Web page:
Even if tech companies don’t lose customers right away, privacy concerns have already caused big companies like IBM, and Amazon to move forward with plans to build more overseas data centers.

Microsoft is trying to beat back the tide. Last week it appealed a New York judge's order forcing the company to give the U.S. government customer information that's stored overseas in a data center in Ireland. The Department of Justice wants emails and other personal information that belong to a person connected to a drug trafficking investigation. Since the data is housed in one of Microsoft’s Irish data centers, the company contends that the U.S. government’s domestic search warrant lacks jurisdiction.

Microsoft argues that it may violate European privacy laws if it hands over the information, and it would certainly make foreign nations and individuals think twice about using Microsoft for cloud-based storage. About 30 tech and media giants filed briefs in support of Microsoft, along with dozens of trade associations and academics. Many of the companies, including Amazon, Apple, AT&T and Verizon, have large cloud computing operations or have access to lots of user information.

One brief that was filed jointly by Verizon, Cisco, H-P, eBay, and Infor (and is representative of the arguments made by all of the companies that are taking Microsoft’s side) says:

The District Court’s decision allowing the U.S. government to demand the disclosure of the contents of customer communications (as opposed to Microsoft’s own business records) stored in overseas data centers is extraordinarily sweeping in its scope and impact. It affects not only the e-mail service at issue in the case, but a host of other communication services, data storage providers, and technology companies. It will expose American businesses to legal jeopardy in other countries and damage American businesses economically. It will upset our international agreements and undermine international cooperation. And it will spur retaliation by foreign governments, which will threaten the privacy of Americans and non-Americans alike.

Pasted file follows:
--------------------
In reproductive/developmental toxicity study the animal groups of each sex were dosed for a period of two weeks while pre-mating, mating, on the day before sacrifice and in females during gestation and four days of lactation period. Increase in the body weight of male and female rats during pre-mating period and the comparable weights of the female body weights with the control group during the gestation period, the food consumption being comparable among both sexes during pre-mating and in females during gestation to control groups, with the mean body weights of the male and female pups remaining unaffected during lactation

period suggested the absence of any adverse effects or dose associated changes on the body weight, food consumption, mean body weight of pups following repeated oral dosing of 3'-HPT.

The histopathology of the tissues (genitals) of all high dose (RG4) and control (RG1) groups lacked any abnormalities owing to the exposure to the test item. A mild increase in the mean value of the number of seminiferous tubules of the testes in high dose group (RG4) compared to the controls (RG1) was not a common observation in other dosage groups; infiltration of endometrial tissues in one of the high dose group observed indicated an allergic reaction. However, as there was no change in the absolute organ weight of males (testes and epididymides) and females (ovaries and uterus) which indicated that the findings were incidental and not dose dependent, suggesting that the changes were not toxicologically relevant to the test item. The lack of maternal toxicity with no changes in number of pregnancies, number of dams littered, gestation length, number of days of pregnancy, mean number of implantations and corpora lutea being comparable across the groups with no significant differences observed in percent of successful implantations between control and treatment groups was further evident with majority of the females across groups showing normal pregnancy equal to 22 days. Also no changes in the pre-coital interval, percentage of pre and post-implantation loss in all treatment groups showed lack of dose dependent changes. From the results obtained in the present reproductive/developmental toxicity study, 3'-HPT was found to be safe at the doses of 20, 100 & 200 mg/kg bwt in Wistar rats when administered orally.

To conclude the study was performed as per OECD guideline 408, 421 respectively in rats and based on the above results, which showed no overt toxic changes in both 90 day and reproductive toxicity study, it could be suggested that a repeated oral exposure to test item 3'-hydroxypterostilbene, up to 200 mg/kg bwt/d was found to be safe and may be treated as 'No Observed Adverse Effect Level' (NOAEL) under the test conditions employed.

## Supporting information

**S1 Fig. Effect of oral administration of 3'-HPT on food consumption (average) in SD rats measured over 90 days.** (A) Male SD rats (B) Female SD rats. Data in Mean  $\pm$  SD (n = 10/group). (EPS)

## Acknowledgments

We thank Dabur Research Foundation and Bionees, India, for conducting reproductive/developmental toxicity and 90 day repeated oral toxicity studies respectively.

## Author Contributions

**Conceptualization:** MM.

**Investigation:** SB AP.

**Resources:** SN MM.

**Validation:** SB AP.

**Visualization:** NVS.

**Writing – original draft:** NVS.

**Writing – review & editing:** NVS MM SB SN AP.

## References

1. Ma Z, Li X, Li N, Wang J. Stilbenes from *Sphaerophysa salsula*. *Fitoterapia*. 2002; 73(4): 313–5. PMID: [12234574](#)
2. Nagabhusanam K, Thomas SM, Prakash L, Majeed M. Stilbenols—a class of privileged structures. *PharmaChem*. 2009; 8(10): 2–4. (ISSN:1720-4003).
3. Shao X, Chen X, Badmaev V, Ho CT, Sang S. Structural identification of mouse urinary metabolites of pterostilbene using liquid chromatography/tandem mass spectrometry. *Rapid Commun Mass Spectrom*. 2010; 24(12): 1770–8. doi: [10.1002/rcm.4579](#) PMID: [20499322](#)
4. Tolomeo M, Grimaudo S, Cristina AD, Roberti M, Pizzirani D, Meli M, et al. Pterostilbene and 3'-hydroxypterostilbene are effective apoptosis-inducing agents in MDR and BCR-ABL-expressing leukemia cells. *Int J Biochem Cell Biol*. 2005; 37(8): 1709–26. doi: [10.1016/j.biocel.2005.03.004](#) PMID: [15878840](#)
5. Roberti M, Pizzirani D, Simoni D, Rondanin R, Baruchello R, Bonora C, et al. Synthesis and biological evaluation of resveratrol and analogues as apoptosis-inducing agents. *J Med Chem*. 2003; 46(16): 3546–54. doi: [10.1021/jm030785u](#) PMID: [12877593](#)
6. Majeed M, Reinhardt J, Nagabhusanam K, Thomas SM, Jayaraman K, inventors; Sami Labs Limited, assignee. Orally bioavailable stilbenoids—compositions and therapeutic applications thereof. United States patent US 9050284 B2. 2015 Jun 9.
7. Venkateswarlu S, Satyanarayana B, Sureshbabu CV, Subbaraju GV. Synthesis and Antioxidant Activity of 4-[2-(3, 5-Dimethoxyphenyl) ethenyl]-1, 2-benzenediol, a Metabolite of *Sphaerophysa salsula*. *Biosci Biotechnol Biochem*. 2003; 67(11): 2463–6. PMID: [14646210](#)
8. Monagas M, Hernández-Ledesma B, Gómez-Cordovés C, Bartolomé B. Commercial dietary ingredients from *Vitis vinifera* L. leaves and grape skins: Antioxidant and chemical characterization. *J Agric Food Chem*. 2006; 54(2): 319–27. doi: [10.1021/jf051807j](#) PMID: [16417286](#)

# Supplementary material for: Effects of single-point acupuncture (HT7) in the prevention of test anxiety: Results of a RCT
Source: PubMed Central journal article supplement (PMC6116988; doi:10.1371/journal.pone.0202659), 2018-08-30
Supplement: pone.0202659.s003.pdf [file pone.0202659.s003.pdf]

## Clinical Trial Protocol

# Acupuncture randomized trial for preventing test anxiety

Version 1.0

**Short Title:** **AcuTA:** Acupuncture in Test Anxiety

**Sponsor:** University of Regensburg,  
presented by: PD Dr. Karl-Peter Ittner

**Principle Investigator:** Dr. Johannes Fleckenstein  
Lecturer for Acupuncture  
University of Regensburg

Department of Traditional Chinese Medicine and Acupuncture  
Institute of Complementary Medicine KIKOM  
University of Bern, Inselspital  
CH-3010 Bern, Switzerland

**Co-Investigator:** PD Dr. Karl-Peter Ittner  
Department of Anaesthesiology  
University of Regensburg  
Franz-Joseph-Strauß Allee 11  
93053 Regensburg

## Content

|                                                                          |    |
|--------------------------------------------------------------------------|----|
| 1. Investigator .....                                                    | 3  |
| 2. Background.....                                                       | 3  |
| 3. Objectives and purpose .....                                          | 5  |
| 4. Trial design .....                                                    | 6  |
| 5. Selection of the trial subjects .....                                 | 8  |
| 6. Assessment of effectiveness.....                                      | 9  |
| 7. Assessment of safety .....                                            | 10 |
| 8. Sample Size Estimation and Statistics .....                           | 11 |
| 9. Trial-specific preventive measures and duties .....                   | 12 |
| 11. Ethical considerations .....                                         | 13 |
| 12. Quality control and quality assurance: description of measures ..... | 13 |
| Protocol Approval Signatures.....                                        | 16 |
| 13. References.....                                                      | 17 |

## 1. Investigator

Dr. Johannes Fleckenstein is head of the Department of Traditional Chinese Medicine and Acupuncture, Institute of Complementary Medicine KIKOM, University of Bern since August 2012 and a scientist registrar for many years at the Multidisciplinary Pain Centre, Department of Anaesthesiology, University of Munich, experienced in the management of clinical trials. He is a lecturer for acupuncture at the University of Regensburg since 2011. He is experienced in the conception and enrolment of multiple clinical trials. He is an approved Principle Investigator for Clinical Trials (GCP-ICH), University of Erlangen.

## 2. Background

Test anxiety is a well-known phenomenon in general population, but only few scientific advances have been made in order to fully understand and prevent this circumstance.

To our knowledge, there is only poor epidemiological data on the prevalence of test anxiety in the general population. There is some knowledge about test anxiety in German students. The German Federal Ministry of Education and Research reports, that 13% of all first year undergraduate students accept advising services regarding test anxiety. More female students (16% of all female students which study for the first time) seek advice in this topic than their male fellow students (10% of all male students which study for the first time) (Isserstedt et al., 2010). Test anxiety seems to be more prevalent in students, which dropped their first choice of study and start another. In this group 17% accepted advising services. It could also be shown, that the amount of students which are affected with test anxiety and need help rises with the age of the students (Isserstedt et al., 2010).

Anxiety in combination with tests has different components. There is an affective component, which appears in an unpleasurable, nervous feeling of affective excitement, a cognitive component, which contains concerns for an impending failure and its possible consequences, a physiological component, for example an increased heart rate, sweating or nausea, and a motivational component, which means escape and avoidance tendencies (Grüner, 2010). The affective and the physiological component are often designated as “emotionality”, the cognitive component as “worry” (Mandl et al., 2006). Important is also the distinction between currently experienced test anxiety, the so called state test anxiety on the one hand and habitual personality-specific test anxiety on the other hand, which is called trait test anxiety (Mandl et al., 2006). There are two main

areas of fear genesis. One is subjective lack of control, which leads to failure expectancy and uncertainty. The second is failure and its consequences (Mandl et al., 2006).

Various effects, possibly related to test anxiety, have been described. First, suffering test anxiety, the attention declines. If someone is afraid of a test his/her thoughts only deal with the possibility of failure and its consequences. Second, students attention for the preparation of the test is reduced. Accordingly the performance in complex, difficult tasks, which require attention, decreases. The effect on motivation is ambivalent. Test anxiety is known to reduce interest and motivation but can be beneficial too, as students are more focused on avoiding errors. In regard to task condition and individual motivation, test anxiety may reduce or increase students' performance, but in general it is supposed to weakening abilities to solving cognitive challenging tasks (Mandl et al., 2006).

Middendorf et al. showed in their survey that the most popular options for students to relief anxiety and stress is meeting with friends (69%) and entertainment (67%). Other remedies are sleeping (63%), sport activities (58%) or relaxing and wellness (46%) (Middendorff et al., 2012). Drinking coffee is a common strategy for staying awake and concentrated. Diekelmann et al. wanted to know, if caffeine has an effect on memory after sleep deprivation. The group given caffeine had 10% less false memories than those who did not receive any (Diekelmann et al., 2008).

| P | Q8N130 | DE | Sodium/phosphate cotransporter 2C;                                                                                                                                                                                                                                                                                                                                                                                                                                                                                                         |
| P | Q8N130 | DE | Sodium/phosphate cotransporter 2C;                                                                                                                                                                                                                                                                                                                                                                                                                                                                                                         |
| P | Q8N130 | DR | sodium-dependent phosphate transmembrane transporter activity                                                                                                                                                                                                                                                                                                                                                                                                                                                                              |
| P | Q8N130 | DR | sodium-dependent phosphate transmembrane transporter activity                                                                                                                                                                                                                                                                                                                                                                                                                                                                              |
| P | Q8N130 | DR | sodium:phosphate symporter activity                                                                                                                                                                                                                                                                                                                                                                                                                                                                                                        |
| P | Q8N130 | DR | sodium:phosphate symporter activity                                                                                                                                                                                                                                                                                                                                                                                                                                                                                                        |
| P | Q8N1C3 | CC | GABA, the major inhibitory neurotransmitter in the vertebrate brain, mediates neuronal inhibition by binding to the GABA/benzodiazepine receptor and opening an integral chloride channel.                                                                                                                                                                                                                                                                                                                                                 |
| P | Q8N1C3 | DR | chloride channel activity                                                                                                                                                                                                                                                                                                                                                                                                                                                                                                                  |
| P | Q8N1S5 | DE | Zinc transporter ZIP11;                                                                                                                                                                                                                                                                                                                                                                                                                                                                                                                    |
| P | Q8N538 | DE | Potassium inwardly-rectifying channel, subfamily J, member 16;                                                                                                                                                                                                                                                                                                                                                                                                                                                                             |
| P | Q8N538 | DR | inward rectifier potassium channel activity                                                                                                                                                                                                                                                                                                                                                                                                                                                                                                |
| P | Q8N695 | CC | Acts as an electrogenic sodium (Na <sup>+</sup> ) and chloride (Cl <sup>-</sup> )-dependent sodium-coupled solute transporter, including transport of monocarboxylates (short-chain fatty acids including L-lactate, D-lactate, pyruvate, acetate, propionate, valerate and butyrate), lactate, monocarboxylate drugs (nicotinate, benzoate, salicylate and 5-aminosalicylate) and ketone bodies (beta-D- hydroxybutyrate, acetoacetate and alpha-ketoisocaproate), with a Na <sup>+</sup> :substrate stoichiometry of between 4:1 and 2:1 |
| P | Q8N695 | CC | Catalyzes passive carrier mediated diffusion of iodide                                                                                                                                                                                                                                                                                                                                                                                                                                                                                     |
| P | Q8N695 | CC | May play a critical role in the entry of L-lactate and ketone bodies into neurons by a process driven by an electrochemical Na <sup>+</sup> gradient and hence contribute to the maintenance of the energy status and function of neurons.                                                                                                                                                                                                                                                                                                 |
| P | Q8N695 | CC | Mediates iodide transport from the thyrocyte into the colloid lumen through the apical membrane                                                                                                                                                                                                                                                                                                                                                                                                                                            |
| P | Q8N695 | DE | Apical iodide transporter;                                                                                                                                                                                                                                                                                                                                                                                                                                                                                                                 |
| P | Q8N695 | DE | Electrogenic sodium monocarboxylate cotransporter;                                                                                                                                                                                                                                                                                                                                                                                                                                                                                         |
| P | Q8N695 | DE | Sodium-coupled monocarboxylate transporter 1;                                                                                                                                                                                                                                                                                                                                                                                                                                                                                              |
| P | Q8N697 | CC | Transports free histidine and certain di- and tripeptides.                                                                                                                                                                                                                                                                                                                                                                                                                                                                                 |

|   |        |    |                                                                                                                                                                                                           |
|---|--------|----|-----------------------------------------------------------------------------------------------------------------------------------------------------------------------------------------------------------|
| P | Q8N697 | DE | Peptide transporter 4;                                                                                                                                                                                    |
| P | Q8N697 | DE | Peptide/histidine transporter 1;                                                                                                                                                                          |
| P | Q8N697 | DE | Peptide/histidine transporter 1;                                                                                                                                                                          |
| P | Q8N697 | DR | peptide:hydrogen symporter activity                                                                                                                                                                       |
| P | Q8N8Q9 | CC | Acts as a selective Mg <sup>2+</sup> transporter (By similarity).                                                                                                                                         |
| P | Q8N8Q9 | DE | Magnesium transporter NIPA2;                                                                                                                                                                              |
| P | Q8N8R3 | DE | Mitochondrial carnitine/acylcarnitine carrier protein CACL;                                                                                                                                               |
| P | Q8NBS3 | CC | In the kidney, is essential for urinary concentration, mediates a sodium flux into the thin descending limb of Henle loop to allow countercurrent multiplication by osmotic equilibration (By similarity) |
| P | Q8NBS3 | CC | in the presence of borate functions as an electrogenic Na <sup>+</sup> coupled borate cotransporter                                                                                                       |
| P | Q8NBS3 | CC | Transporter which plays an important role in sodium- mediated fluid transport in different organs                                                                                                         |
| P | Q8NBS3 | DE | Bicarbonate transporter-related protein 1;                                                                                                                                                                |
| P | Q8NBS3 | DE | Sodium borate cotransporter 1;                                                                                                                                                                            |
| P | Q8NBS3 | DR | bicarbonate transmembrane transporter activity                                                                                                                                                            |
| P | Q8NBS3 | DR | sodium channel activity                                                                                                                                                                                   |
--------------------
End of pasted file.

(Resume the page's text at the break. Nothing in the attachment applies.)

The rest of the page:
The companies go on to explain that they’re happy to comply with the existing formal mechanisms that law enforcement agencies have used, which essentially pressure other governments to help with investigations and obtain evidence overseas.

Their argument, at heart, is that the Justice Department can work with foreign governments to obtain the information that it wants. But the U.S. wants to move more quickly than that - which it can, thanks to the ingenuity of these tech companies. In that scenario, companies would pay the price in lost business.

If Microsoft trumps the government, that’s a win for companies that are trying hard to assure customers that using a U.S. tech product isn’t the same as giving the NSA and other agencies the freedom to peruse their data. If Microsoft fails, corporate executives and analysts say customers overseas may follow China’s lead and find alternatives.

For its part, the U.S. government is unlikely to change course. It has no interest or advantage in limiting or defanging its big espionage operations. As I wrote a few weeks ago, it's impossible for any superpower to avoid engaging in global espionage.

The question for tech firms, and for their clients overseas, is whether or not the government is going to force them to be active participants in searches and NSA-style surveillance programs. As things now stand, it's pretty clear that the government prioritizes access to data over corporate competitiveness.

This column does not necessarily reflect the opinion of Bloomberg View's editorial board or Bloomberg LP, its owners and investors.